I caught up with a real-world CCO at Mustang.com, an e-mail management and e-services vendor that was acquired by Quintus just a few months back. Lynn Wright, who has been with Mustang since its inception in 1988, took on the CCO title in 1998. When I spoke with her recently, she discussed her role as a CCO and the responsibilities it entails.
GKC: What inspired Mustang.com to create the CCO position?
Lynn Wright: Prior to taking on this role I was--and still am--the V.P. of customer service. As part of that job, I constantly read up on and researched service trends and issues. From doing so, I came to realize that service alone was no longer enough. Waiting for clients to come to us with service problems is not the way to foster optimal relationships. We needed to be more proactive, and to that end, the CEO and I decided our customers should have a friend and liaison from the start. We brainstormed about it. Given that we had a CEO, CFO, CIO and so on, the title of CCO seemed like a natural progression. The title didn't really have any huge connotations at the moment so much as that it simply went along with the whole CXO thing. So we established the role in 1998, which is when I took on the new title.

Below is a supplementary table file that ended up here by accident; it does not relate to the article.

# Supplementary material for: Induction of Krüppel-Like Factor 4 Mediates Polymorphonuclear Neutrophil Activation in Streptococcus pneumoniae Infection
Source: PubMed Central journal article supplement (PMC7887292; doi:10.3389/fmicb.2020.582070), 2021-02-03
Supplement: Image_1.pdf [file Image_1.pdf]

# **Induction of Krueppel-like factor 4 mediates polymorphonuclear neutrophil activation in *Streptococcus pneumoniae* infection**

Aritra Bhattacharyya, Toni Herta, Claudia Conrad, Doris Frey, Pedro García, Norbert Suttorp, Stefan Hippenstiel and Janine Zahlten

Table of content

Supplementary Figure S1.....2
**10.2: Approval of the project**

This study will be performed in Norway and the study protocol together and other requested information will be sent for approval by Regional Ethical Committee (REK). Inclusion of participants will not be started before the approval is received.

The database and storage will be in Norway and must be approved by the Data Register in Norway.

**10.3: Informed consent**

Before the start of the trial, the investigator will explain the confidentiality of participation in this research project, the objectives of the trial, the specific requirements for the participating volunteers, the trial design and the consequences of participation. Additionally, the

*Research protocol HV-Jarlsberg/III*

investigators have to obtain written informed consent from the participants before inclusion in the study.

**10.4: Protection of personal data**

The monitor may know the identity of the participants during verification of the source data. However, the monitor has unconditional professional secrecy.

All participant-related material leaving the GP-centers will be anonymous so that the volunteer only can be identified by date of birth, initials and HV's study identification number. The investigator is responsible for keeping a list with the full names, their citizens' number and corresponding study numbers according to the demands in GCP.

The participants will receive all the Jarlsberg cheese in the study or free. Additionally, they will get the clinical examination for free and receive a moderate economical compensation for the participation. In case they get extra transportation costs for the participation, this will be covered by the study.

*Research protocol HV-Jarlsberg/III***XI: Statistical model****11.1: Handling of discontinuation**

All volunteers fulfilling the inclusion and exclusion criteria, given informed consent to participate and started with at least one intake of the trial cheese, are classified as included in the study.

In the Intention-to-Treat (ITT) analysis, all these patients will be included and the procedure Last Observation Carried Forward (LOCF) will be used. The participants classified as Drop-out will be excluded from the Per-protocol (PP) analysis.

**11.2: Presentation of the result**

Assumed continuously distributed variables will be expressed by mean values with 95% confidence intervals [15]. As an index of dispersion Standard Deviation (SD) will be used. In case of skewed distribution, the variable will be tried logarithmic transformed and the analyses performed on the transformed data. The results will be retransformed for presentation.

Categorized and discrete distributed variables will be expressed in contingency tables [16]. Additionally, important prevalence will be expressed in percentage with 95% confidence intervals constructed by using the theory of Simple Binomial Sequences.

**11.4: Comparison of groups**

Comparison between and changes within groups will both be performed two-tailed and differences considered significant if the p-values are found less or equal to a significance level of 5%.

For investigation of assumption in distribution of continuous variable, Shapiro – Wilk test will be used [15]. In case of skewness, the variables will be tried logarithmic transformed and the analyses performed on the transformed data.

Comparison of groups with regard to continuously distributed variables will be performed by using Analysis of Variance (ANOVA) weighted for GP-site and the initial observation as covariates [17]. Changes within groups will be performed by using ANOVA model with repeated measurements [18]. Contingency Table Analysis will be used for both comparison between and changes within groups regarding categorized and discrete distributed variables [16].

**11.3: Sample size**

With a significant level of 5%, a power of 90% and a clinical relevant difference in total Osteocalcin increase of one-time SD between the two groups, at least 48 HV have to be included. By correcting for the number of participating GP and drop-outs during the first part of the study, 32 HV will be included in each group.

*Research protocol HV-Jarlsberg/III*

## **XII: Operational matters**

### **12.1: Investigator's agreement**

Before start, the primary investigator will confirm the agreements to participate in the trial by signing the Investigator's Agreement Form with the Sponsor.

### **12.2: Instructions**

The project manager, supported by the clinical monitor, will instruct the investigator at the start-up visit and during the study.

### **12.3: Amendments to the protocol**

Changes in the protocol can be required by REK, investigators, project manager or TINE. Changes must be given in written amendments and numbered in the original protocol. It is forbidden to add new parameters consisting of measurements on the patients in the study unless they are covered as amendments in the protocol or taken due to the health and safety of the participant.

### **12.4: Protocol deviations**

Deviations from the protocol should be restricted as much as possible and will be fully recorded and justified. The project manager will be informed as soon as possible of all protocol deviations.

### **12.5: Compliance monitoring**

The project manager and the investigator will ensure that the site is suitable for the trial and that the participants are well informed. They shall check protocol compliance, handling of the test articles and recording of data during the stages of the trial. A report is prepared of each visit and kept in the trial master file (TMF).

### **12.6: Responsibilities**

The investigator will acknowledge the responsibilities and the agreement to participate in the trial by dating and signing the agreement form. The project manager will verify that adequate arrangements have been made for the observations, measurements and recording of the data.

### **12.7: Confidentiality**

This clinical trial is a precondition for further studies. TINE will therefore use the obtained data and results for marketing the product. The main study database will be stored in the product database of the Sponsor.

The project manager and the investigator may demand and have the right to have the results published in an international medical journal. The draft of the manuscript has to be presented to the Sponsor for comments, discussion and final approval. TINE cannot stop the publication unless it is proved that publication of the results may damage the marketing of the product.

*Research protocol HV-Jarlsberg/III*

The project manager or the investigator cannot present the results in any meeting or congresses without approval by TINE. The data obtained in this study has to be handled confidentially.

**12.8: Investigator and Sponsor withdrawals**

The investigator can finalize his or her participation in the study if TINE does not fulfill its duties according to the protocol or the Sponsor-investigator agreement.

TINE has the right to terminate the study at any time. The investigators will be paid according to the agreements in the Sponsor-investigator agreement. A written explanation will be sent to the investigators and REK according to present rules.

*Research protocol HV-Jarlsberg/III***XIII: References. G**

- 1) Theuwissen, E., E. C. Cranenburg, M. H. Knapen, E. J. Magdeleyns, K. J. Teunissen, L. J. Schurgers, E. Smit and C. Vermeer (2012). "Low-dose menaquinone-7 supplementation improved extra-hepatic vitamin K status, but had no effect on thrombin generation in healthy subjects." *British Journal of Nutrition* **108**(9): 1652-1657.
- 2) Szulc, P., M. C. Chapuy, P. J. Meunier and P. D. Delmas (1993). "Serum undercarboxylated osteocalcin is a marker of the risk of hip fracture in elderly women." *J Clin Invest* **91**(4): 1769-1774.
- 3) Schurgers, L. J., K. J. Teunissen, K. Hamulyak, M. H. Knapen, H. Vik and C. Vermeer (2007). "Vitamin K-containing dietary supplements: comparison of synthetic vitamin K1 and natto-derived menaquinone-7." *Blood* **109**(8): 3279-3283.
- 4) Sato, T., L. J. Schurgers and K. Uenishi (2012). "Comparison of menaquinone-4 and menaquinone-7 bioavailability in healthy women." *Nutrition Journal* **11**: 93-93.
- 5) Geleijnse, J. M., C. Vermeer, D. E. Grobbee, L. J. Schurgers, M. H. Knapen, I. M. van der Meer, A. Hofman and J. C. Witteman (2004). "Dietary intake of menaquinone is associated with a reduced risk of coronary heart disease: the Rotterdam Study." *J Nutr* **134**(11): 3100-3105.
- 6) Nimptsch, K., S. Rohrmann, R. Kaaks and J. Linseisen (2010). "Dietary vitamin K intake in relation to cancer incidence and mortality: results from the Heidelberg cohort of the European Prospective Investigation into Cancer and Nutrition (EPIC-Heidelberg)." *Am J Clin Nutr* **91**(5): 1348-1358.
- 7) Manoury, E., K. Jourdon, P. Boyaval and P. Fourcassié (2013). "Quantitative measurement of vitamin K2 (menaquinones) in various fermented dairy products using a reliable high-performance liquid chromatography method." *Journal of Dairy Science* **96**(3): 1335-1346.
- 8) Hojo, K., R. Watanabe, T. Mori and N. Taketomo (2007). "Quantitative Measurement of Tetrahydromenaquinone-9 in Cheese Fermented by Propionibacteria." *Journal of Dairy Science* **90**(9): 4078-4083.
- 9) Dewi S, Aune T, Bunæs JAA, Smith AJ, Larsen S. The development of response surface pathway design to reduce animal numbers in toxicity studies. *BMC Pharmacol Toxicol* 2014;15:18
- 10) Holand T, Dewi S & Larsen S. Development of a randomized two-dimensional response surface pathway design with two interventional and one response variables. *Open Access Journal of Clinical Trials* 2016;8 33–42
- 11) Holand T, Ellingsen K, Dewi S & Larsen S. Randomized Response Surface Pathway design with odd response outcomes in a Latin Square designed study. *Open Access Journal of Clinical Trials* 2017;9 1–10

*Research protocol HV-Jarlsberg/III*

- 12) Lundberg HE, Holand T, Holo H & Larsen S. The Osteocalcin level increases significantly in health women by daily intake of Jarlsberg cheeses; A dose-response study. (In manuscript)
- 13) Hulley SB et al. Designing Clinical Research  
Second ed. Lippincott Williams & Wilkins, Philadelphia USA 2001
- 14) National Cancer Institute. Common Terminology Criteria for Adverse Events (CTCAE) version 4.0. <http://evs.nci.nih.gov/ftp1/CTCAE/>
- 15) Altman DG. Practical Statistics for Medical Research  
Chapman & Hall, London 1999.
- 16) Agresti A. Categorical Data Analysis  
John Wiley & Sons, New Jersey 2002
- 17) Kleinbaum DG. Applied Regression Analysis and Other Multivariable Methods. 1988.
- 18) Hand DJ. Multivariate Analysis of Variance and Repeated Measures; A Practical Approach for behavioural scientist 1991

GKC: Analysts assert that since CCOs will work with various departments within the company, ideal candidates should have a diverse background. Did your background extend beyond service?